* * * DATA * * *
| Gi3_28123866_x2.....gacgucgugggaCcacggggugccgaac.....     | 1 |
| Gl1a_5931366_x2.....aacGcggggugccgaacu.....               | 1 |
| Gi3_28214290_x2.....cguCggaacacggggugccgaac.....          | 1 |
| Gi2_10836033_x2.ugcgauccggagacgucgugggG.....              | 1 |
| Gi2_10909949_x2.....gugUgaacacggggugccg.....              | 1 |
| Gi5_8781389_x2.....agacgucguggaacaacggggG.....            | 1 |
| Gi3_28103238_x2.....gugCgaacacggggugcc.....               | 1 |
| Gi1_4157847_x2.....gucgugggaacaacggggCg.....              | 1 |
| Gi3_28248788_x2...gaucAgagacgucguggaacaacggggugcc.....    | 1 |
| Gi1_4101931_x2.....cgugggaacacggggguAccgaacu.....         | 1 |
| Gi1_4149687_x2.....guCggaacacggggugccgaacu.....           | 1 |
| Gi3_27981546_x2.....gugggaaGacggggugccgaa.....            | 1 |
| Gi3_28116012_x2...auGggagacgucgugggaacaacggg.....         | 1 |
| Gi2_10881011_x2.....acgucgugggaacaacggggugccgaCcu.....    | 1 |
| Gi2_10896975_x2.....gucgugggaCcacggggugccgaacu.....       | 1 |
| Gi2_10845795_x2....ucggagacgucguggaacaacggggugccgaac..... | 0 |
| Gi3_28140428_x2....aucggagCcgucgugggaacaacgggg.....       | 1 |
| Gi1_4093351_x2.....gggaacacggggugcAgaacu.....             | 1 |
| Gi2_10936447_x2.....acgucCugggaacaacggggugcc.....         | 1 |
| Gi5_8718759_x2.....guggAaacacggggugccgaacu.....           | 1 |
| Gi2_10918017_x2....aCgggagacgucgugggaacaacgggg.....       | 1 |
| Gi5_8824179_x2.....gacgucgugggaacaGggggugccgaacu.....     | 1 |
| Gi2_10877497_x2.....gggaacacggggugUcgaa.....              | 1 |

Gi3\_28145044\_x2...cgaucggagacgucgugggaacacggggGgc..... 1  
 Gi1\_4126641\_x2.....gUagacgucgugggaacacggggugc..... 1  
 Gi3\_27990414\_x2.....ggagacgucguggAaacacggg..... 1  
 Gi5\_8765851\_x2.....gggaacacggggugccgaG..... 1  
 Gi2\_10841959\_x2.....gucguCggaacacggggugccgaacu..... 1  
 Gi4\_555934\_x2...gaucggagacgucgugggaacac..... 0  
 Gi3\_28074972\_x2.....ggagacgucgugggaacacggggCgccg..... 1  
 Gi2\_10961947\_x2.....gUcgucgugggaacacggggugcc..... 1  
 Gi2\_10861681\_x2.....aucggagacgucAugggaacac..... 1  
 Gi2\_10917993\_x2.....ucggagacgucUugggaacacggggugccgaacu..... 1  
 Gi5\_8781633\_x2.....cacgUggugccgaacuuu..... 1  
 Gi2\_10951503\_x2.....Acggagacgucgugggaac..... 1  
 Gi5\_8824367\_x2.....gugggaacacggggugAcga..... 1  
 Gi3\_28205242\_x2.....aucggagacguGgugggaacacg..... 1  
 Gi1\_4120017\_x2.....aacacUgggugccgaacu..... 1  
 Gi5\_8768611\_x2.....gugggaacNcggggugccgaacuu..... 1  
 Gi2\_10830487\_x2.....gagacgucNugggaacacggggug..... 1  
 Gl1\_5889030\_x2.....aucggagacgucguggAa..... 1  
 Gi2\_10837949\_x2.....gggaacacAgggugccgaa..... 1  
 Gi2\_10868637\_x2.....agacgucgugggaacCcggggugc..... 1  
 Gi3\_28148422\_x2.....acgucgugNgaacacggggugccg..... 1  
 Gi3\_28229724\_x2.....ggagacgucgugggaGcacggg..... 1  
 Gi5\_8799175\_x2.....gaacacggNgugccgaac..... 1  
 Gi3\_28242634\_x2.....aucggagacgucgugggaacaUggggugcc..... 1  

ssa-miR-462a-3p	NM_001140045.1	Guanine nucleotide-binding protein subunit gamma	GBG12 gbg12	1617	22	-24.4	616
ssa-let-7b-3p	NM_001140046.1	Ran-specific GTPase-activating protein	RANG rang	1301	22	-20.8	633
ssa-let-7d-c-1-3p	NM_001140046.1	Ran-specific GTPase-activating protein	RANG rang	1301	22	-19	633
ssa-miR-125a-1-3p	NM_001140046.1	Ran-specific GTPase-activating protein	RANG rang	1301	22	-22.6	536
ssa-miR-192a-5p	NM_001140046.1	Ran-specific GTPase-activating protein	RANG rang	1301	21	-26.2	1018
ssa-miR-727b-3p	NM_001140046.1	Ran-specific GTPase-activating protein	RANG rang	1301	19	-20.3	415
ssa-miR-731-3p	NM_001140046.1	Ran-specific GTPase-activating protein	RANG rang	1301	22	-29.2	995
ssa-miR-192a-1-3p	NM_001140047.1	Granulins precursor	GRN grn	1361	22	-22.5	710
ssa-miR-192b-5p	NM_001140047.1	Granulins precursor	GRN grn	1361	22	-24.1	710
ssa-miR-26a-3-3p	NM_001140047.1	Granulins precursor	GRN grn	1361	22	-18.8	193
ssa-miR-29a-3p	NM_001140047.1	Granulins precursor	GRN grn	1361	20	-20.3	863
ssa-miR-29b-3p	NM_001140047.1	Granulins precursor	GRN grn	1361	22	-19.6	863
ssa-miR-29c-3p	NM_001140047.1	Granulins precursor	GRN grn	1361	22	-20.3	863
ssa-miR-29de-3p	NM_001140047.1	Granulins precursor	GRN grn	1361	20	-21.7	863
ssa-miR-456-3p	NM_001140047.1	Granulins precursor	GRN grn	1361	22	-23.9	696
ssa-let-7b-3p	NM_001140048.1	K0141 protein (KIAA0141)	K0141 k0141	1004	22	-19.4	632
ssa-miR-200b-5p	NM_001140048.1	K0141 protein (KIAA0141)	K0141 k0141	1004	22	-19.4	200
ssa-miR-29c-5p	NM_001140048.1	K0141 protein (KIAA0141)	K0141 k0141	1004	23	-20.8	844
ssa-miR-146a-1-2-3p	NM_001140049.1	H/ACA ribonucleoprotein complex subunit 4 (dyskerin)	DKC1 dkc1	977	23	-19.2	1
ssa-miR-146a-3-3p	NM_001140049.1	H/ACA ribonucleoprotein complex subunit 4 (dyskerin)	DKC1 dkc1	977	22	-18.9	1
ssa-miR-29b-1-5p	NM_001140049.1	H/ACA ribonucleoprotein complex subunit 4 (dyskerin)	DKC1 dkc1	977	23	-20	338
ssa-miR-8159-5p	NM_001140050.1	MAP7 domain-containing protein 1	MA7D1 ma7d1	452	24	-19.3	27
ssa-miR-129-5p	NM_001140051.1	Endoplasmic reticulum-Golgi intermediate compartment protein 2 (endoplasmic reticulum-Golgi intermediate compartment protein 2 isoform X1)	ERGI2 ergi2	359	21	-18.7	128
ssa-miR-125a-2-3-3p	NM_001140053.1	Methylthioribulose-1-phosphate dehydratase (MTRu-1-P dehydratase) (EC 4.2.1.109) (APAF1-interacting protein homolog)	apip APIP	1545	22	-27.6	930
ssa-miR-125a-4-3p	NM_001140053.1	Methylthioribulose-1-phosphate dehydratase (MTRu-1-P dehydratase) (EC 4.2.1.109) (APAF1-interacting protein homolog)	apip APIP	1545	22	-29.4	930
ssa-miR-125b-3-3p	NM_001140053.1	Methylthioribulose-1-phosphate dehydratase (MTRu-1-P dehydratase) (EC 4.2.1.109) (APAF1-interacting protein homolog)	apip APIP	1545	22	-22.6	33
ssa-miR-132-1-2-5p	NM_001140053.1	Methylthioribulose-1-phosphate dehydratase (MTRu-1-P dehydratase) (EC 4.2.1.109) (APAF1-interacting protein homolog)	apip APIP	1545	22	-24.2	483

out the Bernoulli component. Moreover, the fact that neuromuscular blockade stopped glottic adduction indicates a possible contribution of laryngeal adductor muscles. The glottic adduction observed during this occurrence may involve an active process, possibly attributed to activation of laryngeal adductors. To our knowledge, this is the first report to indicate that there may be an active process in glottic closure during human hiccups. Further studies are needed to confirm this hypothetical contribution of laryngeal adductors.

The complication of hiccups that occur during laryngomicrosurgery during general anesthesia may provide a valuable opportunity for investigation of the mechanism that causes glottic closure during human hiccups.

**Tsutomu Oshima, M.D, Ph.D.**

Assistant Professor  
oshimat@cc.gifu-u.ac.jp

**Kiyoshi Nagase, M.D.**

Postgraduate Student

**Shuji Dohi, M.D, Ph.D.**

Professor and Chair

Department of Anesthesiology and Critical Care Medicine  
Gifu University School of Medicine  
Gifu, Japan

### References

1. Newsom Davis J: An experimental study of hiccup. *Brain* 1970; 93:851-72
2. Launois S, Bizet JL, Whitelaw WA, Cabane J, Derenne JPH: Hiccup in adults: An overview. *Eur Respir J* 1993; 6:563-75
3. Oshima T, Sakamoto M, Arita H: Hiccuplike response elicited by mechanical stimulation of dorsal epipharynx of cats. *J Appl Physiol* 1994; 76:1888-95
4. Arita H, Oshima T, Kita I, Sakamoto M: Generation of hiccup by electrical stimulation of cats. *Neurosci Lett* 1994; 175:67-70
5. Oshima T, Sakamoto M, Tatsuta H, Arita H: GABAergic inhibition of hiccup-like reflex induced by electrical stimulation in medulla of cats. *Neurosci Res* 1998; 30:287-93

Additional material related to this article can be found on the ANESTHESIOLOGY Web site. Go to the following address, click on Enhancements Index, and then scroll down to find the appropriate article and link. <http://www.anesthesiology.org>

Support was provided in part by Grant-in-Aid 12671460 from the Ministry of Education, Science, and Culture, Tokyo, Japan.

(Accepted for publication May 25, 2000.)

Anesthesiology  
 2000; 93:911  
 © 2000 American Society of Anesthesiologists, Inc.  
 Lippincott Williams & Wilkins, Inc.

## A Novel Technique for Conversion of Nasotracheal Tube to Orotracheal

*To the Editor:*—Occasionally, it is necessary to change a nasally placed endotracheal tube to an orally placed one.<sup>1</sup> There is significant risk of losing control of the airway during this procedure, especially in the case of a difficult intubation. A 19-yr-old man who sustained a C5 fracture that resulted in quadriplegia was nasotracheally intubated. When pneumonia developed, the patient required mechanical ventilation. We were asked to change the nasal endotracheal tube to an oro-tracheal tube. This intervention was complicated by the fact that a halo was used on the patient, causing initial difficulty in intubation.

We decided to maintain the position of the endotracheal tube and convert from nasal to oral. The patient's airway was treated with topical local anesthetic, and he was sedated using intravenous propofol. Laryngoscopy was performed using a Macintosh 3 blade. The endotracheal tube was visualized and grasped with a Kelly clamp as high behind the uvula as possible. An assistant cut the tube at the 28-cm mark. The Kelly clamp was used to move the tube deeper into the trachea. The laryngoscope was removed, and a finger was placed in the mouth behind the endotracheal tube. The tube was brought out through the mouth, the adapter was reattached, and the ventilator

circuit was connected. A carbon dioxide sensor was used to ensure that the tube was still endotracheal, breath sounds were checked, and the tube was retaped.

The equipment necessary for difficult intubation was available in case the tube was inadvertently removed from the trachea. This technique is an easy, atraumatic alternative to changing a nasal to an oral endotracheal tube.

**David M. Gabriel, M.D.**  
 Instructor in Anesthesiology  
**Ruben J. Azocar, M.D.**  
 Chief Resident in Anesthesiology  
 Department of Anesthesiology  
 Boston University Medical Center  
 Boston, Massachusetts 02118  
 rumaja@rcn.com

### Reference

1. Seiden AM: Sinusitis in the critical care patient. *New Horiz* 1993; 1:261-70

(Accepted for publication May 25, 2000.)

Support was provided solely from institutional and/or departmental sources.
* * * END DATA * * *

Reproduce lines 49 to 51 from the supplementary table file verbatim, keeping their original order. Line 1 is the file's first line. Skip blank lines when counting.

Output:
ssa-let-7b-3p	NM_001140046.1	Ran-specific GTPase-activating protein	RANG rang	1301	22	-20.8	633
ssa-let-7d-c-1-3p	NM_001140046.1	Ran-specific GTPase-activating protein	RANG rang	1301	22	-19	633
ssa-miR-125a-1-3p	NM_001140046.1	Ran-specific GTPase-activating protein	RANG rang	1301	22	-22.6	536